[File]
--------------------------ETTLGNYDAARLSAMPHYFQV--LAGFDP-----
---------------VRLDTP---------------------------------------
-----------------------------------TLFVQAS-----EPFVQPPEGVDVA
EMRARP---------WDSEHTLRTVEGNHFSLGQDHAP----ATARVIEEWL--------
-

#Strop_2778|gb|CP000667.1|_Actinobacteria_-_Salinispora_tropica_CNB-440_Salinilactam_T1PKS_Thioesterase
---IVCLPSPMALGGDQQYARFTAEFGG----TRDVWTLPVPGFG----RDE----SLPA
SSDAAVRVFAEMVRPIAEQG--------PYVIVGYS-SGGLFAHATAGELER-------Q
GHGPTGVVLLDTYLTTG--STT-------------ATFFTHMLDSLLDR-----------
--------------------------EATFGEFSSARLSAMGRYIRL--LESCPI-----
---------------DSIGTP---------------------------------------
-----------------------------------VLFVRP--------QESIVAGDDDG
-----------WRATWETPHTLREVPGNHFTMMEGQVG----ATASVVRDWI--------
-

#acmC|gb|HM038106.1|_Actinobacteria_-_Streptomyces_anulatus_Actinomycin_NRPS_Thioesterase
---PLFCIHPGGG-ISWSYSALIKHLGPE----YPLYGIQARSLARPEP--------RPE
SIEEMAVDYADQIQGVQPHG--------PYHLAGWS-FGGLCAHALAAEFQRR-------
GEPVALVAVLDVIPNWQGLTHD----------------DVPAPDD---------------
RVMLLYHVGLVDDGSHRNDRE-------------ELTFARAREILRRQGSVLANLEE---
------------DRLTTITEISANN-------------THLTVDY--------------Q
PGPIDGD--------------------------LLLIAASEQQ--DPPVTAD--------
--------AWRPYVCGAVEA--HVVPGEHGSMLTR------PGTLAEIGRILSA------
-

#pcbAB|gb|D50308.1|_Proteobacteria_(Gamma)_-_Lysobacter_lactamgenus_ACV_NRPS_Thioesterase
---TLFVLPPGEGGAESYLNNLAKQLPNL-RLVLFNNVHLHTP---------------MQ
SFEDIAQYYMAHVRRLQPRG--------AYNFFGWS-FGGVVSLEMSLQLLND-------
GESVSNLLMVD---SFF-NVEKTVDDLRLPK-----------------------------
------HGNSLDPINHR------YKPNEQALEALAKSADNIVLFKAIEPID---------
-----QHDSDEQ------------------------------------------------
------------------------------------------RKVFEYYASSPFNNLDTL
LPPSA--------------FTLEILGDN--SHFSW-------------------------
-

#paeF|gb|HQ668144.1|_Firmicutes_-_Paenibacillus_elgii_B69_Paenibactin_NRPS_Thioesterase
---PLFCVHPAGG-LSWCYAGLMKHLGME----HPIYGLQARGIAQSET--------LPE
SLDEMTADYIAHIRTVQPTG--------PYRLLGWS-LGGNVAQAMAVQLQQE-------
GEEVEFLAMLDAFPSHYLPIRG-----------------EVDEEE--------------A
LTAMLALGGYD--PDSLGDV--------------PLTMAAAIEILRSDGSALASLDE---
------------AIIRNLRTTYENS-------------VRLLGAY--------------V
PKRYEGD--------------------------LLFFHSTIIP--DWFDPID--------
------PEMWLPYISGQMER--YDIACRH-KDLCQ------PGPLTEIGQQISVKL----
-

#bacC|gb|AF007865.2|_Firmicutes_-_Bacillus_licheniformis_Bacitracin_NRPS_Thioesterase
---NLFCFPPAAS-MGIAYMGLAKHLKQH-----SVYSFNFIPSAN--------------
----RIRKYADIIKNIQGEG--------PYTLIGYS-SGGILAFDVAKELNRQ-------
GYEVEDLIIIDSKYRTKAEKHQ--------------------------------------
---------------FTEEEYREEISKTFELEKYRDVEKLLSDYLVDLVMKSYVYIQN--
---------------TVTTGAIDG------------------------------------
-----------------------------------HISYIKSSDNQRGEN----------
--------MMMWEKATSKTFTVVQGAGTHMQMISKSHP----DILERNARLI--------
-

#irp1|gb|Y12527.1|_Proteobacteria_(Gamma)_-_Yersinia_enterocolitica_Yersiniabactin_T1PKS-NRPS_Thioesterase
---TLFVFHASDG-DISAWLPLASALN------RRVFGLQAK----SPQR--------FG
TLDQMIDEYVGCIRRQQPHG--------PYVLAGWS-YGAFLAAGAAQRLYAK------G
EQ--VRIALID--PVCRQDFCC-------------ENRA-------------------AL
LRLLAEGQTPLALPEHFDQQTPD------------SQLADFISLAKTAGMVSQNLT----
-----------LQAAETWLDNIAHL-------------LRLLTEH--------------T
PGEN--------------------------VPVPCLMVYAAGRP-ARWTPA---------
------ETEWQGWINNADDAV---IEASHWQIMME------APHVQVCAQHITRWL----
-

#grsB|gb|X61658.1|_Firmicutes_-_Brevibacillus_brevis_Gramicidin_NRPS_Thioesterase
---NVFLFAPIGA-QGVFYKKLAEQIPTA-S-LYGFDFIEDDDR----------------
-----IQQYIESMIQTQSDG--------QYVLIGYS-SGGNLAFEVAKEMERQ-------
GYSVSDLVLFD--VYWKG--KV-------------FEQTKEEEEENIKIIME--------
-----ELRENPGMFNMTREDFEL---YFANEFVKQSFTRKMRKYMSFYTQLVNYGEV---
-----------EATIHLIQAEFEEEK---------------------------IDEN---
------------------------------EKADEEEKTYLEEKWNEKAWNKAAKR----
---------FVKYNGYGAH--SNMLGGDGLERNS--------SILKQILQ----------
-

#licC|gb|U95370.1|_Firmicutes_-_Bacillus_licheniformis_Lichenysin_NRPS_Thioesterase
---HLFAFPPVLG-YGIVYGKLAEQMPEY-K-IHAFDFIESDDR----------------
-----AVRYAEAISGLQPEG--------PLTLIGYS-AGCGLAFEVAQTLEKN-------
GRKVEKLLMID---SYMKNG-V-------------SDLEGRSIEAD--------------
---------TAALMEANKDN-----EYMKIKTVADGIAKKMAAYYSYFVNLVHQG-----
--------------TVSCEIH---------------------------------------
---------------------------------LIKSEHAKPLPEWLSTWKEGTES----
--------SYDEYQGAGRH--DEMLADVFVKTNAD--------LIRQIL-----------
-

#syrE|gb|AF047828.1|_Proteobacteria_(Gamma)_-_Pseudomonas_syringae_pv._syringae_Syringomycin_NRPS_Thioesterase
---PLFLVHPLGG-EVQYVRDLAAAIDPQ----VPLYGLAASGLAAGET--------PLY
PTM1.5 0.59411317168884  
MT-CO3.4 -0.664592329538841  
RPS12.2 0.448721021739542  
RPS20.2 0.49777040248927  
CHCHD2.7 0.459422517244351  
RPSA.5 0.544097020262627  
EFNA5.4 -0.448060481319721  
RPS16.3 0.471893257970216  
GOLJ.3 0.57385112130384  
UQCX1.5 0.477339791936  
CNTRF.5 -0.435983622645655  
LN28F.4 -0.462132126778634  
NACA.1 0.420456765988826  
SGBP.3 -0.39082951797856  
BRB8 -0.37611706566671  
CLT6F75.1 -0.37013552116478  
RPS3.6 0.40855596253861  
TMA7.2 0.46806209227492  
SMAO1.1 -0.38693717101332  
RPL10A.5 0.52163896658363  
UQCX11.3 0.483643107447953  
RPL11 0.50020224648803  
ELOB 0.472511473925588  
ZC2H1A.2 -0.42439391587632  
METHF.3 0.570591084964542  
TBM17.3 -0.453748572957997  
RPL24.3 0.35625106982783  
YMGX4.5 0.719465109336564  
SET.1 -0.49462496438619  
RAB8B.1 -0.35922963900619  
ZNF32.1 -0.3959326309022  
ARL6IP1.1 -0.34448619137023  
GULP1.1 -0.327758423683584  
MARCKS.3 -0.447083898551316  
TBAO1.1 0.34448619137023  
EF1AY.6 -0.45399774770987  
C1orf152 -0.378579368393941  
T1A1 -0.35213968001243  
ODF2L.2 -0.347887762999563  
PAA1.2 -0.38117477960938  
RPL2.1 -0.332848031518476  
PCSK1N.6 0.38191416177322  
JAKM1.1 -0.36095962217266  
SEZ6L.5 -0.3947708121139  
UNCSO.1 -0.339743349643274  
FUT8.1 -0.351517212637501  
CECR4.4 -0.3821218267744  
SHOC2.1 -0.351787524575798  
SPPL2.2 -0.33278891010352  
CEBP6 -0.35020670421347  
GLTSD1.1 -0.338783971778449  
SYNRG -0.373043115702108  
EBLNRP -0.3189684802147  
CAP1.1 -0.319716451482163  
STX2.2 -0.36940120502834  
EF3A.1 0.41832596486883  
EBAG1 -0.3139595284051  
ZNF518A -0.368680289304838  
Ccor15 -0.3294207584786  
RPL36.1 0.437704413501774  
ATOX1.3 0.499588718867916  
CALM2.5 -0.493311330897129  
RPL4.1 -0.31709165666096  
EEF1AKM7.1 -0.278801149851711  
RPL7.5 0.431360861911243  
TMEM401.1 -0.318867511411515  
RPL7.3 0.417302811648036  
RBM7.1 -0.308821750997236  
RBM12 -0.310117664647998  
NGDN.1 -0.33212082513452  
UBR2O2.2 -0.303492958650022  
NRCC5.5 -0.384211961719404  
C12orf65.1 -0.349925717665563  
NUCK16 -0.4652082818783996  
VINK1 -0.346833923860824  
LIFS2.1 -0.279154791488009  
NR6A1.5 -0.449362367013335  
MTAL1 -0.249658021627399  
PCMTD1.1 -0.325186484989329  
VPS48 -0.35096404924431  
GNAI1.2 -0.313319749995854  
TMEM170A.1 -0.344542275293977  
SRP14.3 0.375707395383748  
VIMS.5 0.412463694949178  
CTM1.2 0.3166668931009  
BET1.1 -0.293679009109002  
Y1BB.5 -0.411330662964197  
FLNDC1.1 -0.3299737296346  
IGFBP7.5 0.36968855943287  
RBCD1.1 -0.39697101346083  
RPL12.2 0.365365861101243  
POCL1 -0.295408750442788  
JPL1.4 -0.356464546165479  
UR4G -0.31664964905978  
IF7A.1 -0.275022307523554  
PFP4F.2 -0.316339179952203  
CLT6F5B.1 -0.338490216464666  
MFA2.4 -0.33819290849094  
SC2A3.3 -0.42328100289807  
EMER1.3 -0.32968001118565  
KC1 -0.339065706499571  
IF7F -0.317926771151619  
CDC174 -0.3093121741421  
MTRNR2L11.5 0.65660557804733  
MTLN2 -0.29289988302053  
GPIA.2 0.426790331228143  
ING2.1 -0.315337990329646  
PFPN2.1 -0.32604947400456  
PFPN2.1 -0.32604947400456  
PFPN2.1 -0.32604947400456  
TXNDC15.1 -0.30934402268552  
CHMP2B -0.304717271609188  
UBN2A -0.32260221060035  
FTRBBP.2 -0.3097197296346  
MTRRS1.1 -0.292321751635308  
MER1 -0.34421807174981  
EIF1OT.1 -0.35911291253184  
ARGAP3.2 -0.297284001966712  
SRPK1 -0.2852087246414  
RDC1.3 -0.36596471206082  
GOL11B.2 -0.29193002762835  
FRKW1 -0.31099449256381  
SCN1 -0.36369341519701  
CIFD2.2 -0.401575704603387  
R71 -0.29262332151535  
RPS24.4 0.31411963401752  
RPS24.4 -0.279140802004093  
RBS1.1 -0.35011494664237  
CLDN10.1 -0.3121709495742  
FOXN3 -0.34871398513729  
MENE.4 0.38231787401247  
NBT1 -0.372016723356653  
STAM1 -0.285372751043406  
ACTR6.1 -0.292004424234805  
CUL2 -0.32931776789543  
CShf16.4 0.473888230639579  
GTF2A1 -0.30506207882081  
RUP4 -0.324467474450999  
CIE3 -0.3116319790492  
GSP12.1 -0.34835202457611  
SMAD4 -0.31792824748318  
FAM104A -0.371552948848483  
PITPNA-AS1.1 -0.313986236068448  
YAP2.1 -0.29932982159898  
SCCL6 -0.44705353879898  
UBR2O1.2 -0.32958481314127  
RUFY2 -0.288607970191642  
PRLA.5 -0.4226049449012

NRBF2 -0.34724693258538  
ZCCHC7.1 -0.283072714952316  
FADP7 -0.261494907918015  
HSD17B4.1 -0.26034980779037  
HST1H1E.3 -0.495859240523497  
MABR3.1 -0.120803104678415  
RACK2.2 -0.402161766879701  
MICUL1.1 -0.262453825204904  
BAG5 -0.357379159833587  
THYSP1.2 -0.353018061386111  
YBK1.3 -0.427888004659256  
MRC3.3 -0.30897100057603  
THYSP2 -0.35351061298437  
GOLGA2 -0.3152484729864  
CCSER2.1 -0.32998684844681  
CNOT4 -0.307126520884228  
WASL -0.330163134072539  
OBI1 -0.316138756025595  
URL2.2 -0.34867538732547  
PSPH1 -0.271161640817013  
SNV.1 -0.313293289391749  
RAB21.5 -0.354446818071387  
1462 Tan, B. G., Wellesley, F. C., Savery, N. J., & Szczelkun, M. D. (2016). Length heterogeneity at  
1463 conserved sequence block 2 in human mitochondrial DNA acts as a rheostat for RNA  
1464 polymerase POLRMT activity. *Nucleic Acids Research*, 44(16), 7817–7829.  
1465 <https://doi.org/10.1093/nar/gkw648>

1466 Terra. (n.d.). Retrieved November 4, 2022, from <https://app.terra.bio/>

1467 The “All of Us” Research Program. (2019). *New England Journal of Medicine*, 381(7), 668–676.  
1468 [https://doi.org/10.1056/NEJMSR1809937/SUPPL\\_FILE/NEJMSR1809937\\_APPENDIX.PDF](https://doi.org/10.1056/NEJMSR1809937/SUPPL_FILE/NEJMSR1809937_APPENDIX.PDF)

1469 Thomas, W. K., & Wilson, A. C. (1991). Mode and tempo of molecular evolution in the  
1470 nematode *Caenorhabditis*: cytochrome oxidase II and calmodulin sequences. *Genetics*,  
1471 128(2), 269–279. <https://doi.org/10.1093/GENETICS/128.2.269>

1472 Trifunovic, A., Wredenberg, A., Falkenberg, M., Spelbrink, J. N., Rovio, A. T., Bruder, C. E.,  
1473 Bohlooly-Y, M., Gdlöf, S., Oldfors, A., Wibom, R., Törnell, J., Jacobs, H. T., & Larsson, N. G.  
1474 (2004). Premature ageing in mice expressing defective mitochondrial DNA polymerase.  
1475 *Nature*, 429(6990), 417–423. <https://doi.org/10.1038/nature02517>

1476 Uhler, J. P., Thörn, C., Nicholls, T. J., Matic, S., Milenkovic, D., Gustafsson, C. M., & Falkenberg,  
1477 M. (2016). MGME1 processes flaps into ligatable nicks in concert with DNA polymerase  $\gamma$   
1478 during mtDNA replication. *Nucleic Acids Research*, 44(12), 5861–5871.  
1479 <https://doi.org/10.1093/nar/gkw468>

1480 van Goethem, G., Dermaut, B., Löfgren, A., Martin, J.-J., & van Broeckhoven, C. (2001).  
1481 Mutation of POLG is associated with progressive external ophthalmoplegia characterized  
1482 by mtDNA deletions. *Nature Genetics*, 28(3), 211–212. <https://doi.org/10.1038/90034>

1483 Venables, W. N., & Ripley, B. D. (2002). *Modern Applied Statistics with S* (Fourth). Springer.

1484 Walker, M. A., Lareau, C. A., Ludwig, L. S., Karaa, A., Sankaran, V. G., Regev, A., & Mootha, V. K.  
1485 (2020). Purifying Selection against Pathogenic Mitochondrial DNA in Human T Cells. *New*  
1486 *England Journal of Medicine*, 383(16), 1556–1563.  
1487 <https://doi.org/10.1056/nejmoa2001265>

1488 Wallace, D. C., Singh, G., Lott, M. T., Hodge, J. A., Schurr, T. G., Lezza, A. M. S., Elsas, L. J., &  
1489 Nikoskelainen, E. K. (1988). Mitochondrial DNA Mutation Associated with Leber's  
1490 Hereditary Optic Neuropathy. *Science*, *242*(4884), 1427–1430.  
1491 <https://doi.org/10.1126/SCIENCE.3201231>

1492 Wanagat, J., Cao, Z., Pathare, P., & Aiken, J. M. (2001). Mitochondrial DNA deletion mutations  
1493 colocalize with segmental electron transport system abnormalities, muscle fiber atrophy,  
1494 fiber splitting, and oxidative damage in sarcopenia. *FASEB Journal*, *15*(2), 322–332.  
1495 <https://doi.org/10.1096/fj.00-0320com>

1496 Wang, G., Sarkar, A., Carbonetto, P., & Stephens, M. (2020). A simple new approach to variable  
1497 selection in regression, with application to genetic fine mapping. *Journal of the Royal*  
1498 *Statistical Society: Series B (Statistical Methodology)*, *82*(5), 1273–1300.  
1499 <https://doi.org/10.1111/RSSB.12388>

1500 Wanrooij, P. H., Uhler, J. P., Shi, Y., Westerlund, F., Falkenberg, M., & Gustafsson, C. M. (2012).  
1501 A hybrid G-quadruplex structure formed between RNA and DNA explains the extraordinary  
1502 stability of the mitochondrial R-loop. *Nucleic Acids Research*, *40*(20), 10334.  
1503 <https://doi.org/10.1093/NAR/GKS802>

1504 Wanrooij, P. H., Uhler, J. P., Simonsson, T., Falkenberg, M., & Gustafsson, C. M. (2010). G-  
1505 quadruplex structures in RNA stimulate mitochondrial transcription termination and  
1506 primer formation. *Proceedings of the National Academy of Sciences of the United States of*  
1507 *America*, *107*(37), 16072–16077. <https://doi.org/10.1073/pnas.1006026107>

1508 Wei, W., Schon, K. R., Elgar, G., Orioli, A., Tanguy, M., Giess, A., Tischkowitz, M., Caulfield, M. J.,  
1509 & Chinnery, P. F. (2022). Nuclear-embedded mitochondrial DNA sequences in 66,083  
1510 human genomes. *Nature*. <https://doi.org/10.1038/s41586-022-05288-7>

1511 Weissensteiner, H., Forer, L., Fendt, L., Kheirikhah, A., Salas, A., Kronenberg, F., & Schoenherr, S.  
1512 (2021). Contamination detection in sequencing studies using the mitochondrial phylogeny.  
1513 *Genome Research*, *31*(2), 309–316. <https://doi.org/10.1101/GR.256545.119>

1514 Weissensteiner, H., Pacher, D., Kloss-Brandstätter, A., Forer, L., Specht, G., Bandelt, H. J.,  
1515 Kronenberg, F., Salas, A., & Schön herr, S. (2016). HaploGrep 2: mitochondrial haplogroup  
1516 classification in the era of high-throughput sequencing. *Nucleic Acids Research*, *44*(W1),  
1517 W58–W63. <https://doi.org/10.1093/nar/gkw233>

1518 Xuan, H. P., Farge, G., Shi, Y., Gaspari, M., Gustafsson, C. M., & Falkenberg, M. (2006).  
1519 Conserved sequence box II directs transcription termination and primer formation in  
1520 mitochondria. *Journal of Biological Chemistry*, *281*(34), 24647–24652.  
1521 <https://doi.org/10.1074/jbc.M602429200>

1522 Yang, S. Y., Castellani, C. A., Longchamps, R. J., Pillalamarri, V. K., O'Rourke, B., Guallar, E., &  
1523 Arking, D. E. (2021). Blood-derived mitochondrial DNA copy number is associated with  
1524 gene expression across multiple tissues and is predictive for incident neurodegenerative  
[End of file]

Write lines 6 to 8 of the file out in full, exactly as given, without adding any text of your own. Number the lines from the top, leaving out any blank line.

#Strop_2778|gb|CP000667.1|_Actinobacteria_-_Salinispora_tropica_CNB-440_Salinilactam_T1PKS_Thioesterase
---IVCLPSPMALGGDQQYARFTAEFGG----TRDVWTLPVPGFG----RDE----SLPA
SSDAAVRVFAEMVRPIAEQG--------PYVIVGYS-SGGLFAHATAGELER-------Q